After reading Jeff VanderMeer’s strange science fiction novel Annihilation, I decided to jump into another of his strange sci-fi books: Borne.
I listened to the audiobook, narrated by Bahni Turpin, which helped me finish it quickly as I was able to put my commute to good use. It’s definitely longer than Annihilation, and in many ways the world-building is much stronger here because so much time is paid to it.
And really, that’s what this book is all about: not so much a riveting story, but the world the author creates and the feelings that world inspires.
The premise of the novel is that our heroine, a young(ish) woman named Rachel, lives in a city that’s nearly been destroyed by a monstrous biological experiment: a giant, flying creature named Mord. A company known only as “the company” forged him, and now he’s grown into a terror who rips up and eats anything that gets in his way.
And in this world, Rachel finds another little bio experiment, shaped like a vase, purple (I think), and able to fit in her hand. She thinks of it as a plant, but in time, it talks, it learns, and it develops a bond with Rachel. It becomes like an adopted child — named Borne.
It’s an interesting story, and Borne’s arc from a cute, child-like creature into something strong enough to change the world is well-paced. VanderMeer infuses a lot of humor into the scenes that show Borne growing up, as Borne plays and argues with Rachel while trying to understand what (or who?) he is. The audiobook’s narrator Turpin does an amazing job of depicting Rachel’s maternal love for Borne, as well as Borne’s innate sense of mischief. But there’s also a darkness to Borne, and in the end he must decide how to use it.
I fell in love with the characters in this book. There are essentially three main characters who we know on a personal level: Rachel, her drug dealer boyfriend Wick with a past he won’t talk about, and Borne. The relationship between Rachel and Wick evolves, as Wick dislikes Borne — or maybe doesn’t trust him.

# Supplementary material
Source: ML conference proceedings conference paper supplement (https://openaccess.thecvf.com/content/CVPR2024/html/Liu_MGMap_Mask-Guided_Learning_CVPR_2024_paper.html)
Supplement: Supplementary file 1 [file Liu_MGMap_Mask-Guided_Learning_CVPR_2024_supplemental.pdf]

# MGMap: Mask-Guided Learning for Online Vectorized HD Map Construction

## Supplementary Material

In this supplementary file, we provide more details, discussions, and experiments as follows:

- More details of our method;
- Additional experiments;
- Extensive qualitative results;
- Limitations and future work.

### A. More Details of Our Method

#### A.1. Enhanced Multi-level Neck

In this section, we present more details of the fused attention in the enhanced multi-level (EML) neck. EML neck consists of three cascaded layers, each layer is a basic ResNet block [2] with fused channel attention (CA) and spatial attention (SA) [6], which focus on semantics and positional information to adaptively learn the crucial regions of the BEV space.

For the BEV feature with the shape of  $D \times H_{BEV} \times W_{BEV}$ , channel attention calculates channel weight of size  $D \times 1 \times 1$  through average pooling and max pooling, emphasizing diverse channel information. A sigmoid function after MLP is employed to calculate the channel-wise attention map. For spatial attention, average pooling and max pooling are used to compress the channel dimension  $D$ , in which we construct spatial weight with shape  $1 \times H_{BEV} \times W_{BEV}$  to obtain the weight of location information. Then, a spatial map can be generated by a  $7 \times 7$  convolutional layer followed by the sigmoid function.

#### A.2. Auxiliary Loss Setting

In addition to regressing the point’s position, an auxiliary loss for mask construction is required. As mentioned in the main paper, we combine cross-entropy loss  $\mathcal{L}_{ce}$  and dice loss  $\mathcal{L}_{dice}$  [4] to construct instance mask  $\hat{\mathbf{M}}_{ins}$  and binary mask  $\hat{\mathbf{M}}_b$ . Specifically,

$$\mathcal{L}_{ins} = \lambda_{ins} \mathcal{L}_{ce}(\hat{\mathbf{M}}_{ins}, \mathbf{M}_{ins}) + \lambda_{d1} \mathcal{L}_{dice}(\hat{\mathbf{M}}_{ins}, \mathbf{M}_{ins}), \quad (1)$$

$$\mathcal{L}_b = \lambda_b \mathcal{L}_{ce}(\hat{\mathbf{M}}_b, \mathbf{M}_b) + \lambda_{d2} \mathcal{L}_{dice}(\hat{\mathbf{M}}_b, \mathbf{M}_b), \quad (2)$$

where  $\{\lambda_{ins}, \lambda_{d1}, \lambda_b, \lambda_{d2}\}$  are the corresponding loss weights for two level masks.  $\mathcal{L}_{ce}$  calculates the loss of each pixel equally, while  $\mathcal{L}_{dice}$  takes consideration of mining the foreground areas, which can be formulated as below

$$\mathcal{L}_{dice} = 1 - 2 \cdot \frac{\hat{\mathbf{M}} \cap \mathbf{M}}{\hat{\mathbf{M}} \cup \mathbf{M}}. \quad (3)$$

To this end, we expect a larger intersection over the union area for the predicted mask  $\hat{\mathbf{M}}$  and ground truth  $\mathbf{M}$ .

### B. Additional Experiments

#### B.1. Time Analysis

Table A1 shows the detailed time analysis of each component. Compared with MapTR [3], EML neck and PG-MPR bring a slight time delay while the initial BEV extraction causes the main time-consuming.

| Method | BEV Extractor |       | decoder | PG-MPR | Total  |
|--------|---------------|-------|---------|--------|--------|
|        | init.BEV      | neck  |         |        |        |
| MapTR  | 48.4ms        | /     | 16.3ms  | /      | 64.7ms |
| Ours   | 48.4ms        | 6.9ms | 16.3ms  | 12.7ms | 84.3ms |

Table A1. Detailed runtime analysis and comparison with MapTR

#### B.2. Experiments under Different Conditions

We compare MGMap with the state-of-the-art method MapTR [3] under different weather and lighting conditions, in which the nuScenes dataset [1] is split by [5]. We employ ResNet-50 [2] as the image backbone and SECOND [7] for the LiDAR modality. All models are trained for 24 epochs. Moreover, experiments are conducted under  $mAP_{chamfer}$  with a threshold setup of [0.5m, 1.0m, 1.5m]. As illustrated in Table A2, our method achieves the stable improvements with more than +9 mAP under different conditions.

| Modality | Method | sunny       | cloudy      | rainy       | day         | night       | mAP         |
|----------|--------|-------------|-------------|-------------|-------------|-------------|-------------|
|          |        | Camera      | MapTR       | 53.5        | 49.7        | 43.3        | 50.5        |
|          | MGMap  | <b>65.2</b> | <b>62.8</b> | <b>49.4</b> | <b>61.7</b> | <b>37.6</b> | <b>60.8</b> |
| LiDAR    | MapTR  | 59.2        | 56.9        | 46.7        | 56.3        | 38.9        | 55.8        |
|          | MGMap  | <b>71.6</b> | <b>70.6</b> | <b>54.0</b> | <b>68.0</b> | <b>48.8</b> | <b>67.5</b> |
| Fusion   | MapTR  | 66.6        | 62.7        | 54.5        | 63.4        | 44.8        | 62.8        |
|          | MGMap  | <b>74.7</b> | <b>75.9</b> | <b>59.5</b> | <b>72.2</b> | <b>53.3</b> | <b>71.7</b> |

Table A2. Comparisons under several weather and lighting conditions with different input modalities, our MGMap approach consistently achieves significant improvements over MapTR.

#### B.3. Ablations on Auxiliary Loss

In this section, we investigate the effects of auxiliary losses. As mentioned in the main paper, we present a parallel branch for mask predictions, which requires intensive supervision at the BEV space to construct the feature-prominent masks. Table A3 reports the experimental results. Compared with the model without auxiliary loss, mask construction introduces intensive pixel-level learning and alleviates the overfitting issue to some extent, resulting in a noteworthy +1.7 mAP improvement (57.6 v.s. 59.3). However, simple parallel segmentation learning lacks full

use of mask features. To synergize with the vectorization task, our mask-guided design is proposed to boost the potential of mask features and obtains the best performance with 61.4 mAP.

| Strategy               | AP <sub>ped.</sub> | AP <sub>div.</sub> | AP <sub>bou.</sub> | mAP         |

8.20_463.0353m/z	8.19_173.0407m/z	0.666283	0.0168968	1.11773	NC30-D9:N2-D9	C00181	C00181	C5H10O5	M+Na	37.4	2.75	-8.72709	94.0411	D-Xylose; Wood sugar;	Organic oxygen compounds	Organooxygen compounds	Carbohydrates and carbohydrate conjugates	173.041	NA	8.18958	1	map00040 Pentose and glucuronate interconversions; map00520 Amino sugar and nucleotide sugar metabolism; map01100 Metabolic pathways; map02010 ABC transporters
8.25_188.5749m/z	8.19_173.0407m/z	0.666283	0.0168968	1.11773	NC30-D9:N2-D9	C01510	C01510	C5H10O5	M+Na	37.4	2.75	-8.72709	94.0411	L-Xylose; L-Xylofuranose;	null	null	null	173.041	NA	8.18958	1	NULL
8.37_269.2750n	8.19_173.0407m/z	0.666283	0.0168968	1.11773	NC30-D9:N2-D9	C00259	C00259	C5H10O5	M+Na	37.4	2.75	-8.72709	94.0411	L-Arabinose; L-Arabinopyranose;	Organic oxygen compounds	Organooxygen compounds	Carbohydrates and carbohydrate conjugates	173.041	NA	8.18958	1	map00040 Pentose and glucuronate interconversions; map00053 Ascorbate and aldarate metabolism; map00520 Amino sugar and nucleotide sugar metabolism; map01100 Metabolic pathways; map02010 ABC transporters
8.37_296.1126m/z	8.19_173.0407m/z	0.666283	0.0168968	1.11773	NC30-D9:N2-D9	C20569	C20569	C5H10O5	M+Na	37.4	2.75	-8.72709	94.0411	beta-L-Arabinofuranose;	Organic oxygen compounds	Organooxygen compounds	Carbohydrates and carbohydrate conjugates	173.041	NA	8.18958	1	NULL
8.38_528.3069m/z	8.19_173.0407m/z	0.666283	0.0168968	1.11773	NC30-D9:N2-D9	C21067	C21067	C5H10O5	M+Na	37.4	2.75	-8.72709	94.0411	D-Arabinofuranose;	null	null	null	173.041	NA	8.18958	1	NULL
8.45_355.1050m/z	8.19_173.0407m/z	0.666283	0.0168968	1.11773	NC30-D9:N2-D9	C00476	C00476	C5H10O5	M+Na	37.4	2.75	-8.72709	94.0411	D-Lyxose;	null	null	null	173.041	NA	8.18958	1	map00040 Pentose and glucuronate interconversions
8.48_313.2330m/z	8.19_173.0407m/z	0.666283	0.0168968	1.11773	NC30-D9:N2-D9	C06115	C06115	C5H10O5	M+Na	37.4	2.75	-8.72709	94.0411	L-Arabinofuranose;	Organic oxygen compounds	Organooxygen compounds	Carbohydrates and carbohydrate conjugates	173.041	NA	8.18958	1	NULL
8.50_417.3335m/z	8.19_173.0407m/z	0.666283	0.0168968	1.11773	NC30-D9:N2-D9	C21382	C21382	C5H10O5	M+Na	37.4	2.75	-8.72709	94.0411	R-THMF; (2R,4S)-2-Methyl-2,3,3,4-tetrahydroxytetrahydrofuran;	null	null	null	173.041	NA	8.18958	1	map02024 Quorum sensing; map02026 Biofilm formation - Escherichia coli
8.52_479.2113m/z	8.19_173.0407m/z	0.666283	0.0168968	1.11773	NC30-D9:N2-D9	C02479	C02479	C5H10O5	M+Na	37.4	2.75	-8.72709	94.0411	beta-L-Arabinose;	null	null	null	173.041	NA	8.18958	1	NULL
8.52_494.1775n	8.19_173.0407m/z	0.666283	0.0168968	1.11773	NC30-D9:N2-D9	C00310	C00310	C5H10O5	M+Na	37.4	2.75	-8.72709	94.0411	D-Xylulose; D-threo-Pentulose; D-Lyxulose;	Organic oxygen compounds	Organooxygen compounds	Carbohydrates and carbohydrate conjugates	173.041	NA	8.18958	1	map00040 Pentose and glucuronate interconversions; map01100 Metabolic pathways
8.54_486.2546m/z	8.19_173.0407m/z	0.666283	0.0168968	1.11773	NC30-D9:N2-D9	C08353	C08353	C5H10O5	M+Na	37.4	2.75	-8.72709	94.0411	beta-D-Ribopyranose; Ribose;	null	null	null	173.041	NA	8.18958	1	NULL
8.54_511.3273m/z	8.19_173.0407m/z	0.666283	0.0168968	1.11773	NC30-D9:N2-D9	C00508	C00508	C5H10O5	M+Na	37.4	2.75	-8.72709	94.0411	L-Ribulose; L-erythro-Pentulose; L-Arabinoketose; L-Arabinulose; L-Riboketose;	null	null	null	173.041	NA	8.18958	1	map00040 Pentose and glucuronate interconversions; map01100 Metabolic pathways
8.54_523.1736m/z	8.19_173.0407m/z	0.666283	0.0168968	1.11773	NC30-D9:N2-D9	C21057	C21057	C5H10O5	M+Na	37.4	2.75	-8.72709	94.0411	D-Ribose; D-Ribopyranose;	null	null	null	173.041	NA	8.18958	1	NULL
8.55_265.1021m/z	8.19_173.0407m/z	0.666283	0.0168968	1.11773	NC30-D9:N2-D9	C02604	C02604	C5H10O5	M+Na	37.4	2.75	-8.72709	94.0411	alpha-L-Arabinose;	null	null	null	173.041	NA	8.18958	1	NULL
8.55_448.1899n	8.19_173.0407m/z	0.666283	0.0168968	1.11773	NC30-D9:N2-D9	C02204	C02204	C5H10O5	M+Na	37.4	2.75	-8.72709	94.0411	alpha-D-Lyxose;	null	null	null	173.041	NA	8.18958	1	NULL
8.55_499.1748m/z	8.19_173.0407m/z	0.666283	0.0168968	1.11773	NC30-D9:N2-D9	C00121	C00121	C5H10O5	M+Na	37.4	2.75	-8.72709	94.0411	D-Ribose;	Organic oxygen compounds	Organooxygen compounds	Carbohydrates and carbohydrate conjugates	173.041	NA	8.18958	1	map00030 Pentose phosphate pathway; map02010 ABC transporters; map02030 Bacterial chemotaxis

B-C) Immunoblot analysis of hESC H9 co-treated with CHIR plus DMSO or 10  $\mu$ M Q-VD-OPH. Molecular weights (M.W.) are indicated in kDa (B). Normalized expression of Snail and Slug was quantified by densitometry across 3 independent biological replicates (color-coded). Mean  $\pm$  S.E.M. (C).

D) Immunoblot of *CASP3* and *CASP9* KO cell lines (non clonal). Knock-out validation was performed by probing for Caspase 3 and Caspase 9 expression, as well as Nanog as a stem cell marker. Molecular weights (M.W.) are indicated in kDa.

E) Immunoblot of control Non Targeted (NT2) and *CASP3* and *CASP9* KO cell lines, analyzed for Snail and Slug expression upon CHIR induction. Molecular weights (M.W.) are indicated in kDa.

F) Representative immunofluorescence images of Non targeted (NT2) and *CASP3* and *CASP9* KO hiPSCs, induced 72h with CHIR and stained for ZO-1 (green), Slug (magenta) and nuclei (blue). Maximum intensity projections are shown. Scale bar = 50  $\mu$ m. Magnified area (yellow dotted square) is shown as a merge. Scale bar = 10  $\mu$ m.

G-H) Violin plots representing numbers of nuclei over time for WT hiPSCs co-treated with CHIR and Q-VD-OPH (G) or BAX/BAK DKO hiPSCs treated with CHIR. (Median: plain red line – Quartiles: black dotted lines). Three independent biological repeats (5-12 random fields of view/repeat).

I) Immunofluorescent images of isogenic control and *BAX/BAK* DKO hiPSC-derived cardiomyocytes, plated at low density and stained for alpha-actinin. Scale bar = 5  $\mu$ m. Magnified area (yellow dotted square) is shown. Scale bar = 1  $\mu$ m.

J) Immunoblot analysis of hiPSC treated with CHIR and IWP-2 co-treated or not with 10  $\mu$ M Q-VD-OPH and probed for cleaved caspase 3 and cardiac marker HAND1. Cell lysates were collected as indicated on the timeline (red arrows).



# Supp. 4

The only trouble with the book is that not a lot seems to happen. The set-up is great, but then I kept waiting for something to happen. I might get an interesting conversation with Borne, or an argument between Rachel and Wick, or a flashback to Rachel’s childhood that sheds light on how the world used to be, and what has become of it since Mord grew crazy. But nothing really happens for a long, long time.
The good thing is that the book compensates for the lack of plot with an amazing world. It’s dark and disturbing. Feral children run around attacking people, as do Mord’s bear-like proxies. Rachel and Wick set up strange traps around their home — which overlooks a polluted river — to keep intruders out. Some of these traps are psychological in nature, such as drugs that can cause people to hallucinate. And the reason Rachel and Wick are so protective and attached to this place is that safe harbor is hard to come by; going out in the streets, where Mord might hunt you and dead bodies act as landmarks, is extremely dangerous.
It’s a strange world that I imagined existed in some dark, dirty haze of pollution. Though post-apocalyptic, the fact that it centers on a single city is unique.
I also enjoyed Rachel’s flashbacks, because seeing her happier childhood with parents she lost definitely puts her current circumstances into perspective — as being very, very bad. That’s changed her.
Rooting for Rachel and connecting with her as a character, I started feeling maternal instincts towards Borne too. That made me very interested in learning what would become of him. As he grows, he becomes more dangerous, and worried about the fact that he’s dangerous. Rachel may call him a person, but there’s a part of him that doubts that and doesn’t know what to do about it. It’s an interesting look at morality when you are something not quite human, but want to be.
In this way, Borne as a novel is much more of an exploration of ideas than a traditional story. Annihilation was much the same way. And by the end of the book, I felt like I knew this odd world very well — enough that I was as tired of it as Rachel was. I also felt very invested in what happened to these characters, since the novel focuses so much on who they are, what they want, and what they do every day. The overall arc is really satisfying, too,
I’d recommend Borne to anybody who enjoys truly unique world-building. If you enjoy sinking into strange worlds, Borne will give you exactly that. It’s a slow journey, but I liked it for the time I got to spend with these characters. It opened my mind to a creative world, and made me wonder a little more what it means to be a person.